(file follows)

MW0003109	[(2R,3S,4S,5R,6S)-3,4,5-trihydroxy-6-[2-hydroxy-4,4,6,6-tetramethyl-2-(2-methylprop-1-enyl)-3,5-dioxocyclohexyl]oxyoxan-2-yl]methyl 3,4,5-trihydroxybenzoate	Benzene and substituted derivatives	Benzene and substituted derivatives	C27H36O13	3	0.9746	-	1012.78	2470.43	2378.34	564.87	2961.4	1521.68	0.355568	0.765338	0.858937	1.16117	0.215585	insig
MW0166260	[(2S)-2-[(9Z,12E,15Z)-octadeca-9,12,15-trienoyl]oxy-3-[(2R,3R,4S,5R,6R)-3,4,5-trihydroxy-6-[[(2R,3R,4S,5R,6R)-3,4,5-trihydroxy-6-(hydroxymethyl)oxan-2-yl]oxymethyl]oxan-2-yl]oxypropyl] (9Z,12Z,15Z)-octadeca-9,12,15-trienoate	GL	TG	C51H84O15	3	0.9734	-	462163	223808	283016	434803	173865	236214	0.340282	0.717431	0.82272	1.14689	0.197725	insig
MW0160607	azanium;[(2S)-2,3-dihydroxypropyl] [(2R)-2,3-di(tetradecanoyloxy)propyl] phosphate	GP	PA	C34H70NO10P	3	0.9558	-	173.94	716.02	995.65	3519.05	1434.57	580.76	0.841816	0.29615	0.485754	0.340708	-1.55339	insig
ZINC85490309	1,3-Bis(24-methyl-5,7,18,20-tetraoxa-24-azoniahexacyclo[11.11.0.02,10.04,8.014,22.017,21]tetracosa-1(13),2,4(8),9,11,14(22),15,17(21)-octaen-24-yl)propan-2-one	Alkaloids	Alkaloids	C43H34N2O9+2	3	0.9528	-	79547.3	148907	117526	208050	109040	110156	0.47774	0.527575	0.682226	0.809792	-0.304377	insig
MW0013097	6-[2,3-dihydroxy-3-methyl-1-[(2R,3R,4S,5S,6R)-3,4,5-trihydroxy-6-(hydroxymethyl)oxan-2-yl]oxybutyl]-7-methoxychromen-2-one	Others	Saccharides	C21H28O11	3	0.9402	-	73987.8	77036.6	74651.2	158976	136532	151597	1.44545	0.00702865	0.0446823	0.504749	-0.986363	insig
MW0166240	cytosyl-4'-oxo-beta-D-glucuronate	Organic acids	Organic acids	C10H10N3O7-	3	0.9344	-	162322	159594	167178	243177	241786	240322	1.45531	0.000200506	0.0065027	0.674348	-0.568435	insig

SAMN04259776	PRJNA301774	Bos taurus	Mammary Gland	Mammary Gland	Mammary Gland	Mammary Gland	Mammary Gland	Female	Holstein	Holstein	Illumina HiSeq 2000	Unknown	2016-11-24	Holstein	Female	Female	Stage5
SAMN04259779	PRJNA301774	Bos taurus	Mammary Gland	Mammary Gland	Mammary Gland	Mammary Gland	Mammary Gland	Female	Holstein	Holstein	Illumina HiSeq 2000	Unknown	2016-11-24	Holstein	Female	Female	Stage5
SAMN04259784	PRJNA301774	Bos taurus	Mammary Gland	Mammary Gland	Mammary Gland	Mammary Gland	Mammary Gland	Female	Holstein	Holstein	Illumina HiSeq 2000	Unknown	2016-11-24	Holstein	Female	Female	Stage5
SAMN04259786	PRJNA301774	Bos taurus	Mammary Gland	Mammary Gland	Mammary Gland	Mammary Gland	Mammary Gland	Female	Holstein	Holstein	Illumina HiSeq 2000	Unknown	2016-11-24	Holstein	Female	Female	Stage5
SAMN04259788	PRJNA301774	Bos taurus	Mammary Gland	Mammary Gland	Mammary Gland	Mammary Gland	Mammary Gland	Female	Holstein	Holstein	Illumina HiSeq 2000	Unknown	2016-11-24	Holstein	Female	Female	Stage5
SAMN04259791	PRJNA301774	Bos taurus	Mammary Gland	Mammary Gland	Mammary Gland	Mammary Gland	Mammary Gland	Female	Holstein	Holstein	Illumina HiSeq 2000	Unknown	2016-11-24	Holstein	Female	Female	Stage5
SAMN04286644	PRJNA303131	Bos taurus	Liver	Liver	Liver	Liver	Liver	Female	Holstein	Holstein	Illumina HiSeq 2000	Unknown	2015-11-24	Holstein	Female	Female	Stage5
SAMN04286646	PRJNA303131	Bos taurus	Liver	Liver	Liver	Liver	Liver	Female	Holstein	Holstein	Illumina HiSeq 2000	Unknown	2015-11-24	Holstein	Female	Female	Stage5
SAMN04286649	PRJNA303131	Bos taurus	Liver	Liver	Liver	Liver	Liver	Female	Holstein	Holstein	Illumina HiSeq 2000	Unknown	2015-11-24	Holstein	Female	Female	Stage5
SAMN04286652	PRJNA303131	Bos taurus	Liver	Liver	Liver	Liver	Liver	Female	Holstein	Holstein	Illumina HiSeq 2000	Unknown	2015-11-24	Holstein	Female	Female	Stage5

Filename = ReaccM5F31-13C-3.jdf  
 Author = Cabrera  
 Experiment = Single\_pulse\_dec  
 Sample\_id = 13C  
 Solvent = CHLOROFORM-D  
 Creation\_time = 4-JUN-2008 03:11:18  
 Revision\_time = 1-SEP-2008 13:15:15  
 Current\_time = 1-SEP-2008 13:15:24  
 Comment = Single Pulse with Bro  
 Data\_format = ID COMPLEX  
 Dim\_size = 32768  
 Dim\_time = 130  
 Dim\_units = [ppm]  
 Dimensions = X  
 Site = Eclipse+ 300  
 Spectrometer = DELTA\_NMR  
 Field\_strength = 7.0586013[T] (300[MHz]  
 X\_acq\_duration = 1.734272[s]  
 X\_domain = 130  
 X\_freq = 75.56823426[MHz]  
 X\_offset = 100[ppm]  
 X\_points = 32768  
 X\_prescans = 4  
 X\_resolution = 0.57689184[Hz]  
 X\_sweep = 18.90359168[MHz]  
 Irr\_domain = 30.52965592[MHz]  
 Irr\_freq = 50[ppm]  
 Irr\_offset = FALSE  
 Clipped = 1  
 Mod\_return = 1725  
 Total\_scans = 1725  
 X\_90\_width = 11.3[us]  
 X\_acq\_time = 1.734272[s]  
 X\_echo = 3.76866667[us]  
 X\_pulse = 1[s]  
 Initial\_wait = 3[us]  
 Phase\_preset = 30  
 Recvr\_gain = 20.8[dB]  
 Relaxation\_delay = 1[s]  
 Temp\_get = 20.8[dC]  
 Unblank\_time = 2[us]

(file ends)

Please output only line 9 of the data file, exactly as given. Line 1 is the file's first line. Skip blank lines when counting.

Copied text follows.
SAMN04259784	PRJNA301774	Bos taurus	Mammary Gland	Mammary Gland	Mammary Gland	Mammary Gland	Mammary Gland	Female	Holstein	Holstein	Illumina HiSeq 2000	Unknown	2016-11-24	Holstein	Female	Female	Stage5